A Soft Place to Land: Temim Fruchter on Conquering Self-Doubt Through Writing Fiction
“A requirement of writing well is the capacity to trust yourself.”
It was the fall of 2012 when I started to forget how to play the drums.
This is neither figuration nor exaggeration; I actually, bodily, began to forget. Like a character in a folktale, I was fast losing wisdom to foolishness.
My band was on tour in Europe when the forgetting, which felt at once gradual and sudden, began. We’d take to the stage and greet the crowd like always. But then, whether in Prague or Paris or Berlin or Krakow, I would take my seat behind my forest of drums, suddenly cowering, like what I faced was a mob of hulking and sinister strangers, not a musical instrument. The sticks, once mostly reliable tools, felt bulbous and unfamiliar in my hands.
This great forgetting didn’t come out of nowhere. My connection to the drums had already been tenuous. I’d taught myself to play at twenty-six for the express purpose of joining a band my two best friends were forming. Even before I lost all of my wisdom, the bad postural habits of adulthood prevented me from truly playing loosely or feeling the rebound of the stick on the drum head. More often than not, playing through a single show required the concentration of a long highway drive while sleepy.
But this. This was different.
Even as the drumming was leaving me, other things had been leaving me, too. As we neared the end of the European tour, I began to notice how truly unwell I was. I, a person for whom forgetting to eat has always been a laughable concept, was skipping entire meals, shedding clothing sizes against my will.
I was walking around in a kind of half-gray, hazy and haunted by questions that wouldn’t stop throwing themselves at me. Is this really what you’re supposed to be doing? Do you really think you will ever be good enough at this? Do you even remember what you love? Are you remotely happy? I had spent so much time over the last near-decade trying to be something I wasn’t quite able to be, that I’d fully forgotten who I actually was. I was no longer present in my friendships, not with my bandmates nor with most of the other people in my life. Without my noticing it, I’d become something of a shell, populated only by my anxieties and doubts, the ones multiplying so quickly by the day that before long, they’d replaced whatever else had preceded them.I had taken my place in the world but my place in the world didn’t want me anymore.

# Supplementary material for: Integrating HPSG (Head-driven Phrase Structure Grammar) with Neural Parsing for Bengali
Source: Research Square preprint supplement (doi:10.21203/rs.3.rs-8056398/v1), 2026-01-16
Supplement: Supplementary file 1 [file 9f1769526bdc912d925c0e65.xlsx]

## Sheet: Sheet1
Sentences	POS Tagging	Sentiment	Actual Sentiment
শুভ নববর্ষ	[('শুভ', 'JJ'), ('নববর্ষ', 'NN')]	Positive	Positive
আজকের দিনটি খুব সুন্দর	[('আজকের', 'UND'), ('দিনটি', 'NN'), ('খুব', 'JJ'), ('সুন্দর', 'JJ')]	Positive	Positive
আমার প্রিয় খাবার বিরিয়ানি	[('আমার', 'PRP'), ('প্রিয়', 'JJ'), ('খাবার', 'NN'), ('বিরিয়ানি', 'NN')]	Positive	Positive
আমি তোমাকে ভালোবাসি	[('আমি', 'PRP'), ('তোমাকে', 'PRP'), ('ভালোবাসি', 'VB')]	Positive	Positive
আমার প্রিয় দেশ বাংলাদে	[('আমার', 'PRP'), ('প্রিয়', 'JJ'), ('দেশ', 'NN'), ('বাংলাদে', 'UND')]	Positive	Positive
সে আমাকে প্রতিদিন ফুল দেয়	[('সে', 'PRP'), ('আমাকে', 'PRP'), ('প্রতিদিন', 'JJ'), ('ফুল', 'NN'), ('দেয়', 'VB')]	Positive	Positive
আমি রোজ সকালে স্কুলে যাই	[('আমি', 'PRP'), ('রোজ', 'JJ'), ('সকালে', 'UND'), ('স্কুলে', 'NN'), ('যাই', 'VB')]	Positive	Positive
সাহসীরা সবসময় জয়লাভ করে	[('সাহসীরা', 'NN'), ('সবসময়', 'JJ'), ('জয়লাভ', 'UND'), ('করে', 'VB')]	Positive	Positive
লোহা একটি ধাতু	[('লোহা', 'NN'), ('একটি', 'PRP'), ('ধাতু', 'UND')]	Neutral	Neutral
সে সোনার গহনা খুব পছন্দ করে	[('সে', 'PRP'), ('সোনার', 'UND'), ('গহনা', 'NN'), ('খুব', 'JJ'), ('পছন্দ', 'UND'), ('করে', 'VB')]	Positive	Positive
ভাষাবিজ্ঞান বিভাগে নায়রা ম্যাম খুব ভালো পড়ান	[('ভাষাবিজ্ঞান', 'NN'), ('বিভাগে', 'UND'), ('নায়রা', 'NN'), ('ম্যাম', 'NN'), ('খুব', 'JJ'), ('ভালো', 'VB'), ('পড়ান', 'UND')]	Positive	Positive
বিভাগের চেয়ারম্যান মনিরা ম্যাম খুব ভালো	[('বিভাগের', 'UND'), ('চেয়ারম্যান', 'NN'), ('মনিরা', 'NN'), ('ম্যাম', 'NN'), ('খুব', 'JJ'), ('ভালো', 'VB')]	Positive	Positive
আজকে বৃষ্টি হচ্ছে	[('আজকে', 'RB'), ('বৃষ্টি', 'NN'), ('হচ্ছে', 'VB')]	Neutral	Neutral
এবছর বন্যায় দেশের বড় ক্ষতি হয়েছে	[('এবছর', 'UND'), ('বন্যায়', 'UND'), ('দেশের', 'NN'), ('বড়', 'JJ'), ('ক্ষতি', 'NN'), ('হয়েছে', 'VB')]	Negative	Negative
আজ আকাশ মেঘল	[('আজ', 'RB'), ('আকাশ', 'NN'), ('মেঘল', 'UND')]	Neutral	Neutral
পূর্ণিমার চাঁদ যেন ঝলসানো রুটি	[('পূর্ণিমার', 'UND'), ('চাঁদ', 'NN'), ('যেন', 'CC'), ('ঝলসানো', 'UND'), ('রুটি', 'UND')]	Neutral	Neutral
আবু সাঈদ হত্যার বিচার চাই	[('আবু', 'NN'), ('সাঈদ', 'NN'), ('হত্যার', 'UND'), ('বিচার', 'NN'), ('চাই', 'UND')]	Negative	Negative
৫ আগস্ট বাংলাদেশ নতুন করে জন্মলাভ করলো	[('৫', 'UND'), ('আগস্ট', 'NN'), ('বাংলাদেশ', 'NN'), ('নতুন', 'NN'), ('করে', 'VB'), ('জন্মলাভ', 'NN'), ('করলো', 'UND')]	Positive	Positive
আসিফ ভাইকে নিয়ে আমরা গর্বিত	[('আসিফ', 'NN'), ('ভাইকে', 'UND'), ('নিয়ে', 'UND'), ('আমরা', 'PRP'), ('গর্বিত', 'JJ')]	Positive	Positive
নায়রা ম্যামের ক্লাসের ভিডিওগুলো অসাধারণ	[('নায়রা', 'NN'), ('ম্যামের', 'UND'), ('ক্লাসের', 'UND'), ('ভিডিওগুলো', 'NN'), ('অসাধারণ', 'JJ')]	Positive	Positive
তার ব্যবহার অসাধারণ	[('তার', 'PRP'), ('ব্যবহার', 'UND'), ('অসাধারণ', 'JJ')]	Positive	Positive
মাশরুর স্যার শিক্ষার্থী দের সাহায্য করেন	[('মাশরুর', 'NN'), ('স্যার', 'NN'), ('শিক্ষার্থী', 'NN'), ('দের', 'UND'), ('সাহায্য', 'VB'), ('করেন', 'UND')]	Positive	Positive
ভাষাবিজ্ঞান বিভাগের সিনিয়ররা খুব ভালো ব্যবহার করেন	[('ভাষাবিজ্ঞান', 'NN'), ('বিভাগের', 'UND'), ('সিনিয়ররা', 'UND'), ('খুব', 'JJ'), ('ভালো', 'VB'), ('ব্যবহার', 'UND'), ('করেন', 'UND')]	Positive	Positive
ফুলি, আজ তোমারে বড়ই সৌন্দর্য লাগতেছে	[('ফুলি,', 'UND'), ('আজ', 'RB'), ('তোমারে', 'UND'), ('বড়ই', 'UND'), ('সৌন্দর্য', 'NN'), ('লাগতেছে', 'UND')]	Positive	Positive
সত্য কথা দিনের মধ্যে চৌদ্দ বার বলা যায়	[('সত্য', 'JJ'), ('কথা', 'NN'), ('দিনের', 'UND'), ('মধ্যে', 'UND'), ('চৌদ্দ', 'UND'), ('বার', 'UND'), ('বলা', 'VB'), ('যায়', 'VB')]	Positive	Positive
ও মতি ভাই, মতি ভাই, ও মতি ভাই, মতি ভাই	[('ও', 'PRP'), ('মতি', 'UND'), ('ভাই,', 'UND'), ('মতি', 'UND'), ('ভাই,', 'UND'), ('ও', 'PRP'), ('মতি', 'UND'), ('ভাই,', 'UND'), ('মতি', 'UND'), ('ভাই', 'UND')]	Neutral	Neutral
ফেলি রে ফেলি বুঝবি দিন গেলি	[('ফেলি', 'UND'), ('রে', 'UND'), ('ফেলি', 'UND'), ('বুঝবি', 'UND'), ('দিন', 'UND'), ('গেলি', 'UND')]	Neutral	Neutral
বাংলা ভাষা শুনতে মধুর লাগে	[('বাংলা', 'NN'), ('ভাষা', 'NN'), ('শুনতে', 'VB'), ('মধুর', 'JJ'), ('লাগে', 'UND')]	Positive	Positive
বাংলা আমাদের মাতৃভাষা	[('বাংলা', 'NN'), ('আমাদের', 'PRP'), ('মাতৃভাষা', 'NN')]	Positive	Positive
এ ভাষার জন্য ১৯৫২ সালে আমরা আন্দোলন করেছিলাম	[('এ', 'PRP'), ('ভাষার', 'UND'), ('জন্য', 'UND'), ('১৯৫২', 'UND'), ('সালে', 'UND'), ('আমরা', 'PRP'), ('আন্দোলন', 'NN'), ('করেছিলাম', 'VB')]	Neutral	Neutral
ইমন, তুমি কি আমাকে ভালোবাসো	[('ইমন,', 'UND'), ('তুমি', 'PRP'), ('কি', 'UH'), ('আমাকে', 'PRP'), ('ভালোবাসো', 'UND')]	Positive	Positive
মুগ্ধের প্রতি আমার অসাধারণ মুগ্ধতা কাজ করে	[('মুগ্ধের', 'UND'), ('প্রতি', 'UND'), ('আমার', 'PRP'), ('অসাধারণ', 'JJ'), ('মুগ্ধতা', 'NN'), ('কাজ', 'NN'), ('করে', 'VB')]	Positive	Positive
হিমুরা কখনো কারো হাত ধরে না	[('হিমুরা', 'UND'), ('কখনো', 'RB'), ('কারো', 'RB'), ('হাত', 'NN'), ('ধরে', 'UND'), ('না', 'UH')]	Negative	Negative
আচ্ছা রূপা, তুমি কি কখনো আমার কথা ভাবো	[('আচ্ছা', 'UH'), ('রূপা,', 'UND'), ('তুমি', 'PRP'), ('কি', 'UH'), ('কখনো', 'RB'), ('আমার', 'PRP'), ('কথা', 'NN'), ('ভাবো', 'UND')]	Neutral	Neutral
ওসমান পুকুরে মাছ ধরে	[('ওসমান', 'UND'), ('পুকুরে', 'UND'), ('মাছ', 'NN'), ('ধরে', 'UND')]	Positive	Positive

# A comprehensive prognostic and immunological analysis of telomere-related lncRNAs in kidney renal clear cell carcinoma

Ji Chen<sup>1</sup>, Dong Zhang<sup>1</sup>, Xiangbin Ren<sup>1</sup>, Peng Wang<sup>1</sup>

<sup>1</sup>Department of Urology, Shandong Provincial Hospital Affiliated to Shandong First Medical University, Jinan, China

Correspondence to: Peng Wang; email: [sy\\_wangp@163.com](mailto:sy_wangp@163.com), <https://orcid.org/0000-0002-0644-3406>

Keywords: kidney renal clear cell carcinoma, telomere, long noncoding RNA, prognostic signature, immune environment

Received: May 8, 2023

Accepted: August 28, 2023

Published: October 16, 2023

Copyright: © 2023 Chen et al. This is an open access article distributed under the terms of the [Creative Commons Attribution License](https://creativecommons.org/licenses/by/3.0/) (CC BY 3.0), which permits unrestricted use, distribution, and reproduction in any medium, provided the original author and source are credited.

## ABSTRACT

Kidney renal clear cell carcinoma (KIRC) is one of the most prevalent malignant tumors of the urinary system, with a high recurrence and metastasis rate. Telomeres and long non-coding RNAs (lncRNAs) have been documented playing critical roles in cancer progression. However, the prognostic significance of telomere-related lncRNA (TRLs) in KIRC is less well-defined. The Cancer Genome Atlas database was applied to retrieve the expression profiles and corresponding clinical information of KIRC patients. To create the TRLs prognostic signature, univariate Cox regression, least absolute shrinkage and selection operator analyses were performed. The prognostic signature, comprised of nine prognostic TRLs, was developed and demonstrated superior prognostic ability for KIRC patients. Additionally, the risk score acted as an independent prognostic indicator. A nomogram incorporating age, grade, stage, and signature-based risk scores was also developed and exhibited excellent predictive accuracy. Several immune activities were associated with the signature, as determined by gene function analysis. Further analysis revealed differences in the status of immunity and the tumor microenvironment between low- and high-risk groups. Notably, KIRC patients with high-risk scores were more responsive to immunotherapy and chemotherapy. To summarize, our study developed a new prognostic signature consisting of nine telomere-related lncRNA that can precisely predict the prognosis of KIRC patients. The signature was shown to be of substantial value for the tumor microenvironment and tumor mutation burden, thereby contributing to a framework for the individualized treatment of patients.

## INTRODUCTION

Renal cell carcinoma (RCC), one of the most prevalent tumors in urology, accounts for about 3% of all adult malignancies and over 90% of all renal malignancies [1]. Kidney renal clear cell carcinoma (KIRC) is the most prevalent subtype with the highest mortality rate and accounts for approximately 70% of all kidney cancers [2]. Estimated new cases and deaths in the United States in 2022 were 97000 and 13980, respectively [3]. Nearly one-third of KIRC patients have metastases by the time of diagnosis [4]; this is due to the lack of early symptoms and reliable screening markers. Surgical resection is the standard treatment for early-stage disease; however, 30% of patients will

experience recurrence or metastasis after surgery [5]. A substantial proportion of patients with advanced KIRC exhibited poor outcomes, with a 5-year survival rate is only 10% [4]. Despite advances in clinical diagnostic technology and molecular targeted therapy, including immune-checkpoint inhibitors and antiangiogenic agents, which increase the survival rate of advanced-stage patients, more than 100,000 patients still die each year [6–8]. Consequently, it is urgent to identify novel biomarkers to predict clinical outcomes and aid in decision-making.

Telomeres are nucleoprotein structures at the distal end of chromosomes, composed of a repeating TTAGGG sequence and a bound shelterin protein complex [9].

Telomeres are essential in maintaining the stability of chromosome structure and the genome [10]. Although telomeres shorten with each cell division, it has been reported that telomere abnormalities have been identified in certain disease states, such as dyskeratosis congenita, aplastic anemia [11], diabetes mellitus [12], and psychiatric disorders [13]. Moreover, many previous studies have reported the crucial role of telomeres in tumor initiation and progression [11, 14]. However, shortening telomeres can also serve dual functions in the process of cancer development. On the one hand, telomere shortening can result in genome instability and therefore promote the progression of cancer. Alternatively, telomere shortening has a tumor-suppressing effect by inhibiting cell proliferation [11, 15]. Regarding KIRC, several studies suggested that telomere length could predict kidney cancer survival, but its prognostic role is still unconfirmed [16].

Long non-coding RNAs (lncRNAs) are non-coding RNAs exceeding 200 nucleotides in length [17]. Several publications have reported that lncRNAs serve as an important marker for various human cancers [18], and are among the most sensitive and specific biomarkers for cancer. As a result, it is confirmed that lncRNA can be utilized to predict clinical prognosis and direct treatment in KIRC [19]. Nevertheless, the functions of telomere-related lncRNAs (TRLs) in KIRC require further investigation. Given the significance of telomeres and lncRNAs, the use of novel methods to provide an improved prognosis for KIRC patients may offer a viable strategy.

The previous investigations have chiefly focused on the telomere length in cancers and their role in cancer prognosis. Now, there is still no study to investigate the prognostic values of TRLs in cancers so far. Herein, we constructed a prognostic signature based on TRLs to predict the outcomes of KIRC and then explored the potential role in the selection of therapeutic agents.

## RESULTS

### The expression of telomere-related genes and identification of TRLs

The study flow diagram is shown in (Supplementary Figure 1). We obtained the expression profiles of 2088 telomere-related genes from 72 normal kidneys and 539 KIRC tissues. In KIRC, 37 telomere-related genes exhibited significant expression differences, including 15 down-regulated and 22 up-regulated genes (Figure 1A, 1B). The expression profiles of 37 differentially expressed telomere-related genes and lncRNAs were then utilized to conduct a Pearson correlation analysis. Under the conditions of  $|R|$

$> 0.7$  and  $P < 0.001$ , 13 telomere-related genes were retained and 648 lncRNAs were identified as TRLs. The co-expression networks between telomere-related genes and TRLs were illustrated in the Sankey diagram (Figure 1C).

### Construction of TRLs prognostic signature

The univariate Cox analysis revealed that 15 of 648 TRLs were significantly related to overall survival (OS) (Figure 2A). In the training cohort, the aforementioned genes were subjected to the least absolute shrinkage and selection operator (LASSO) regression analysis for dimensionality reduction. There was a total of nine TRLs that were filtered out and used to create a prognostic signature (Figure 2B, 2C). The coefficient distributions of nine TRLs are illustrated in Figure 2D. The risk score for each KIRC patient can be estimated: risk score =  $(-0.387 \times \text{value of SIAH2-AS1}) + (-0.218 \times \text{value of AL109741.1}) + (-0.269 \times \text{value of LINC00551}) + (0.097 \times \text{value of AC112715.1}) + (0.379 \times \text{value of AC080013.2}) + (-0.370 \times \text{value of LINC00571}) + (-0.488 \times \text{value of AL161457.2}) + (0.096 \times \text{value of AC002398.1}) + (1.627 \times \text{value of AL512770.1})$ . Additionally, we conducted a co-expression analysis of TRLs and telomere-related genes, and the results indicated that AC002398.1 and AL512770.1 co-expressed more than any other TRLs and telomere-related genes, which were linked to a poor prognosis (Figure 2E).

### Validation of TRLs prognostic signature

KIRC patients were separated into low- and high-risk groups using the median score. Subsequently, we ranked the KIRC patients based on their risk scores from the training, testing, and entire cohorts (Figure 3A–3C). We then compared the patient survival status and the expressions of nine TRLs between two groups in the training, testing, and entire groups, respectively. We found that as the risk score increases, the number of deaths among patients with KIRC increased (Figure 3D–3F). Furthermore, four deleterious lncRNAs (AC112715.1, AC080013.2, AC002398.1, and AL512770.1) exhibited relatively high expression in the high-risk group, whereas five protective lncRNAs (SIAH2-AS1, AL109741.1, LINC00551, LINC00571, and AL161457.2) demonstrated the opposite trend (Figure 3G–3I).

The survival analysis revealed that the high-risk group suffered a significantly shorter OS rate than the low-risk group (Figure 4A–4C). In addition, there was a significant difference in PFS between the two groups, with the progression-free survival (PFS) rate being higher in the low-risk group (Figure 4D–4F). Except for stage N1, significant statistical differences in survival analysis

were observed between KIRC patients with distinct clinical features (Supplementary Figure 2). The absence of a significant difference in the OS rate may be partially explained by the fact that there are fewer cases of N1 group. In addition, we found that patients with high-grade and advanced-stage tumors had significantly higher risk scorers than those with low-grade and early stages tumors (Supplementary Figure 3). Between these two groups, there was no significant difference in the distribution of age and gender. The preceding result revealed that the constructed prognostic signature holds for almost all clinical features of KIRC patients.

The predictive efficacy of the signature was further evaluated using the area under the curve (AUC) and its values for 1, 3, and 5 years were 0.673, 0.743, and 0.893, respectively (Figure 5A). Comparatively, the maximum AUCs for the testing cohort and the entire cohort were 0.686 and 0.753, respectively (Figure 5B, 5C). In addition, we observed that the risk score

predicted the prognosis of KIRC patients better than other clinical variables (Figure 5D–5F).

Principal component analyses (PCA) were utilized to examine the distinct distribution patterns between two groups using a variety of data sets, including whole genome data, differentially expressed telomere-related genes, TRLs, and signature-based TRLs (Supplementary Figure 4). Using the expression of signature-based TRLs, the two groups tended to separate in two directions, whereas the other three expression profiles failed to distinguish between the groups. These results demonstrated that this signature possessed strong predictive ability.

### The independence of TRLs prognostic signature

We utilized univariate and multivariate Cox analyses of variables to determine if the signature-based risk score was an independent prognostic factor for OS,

When we returned home from Europe, I made the difficult decision to leave the band that had been my life for so long. Or more accurately, my body—the shrinking, forgetful, and shuddery mass it had become—had made the decision for me. I had taken my place in the world but my place in the world didn’t want me anymore and my body knew this with a certainty my brain did not possess.
Far from fixing what was wrong, though, leaving the thing that had been the material of my life for so many years left a chasm where almost everything else should be.
For weeks, I stayed inside. I avoided people. I cried, stared at the walls, cried some more. Even though I had accomplished something extraordinary—becoming a drummer in my twenties! Touring and recording with an incredible band made up of people I loved and admired!—I was inconsolable. Not only because the thing I’d irrevocably lost was time. But because, it felt, the thing I’d irrevocably lost was myself.
I moved from New York to Washington, DC, where my then-partner lived, in an attempt to start over. To try life again. New York had been unforgiving, I told people, and I needed a soft new place to land. But what I thought might feel like a new start felt more like a violent interruption. Here, in my mid-thirties, I’d abandoned everything I’d built. I was stunted, stuck; bereft. I was in a new town where I knew barely anyone and I no longer understood what I, in the most existential sense, was here for. As a beginning of any kind, it felt farcical. It was much more like an ending, or, at the very best, a sagging middle.
So instead of setting about the business of creating something new from my pile of ashes, I started to experience anxiety that was at once acute and profound. At first, a generalized sense that nothing was quite right, but then an increasingly frequent torrent of intrusive thoughts. Violent thoughts, bad thoughts, but perhaps most sinister of all, the kinds of thoughts that called my very reality into question.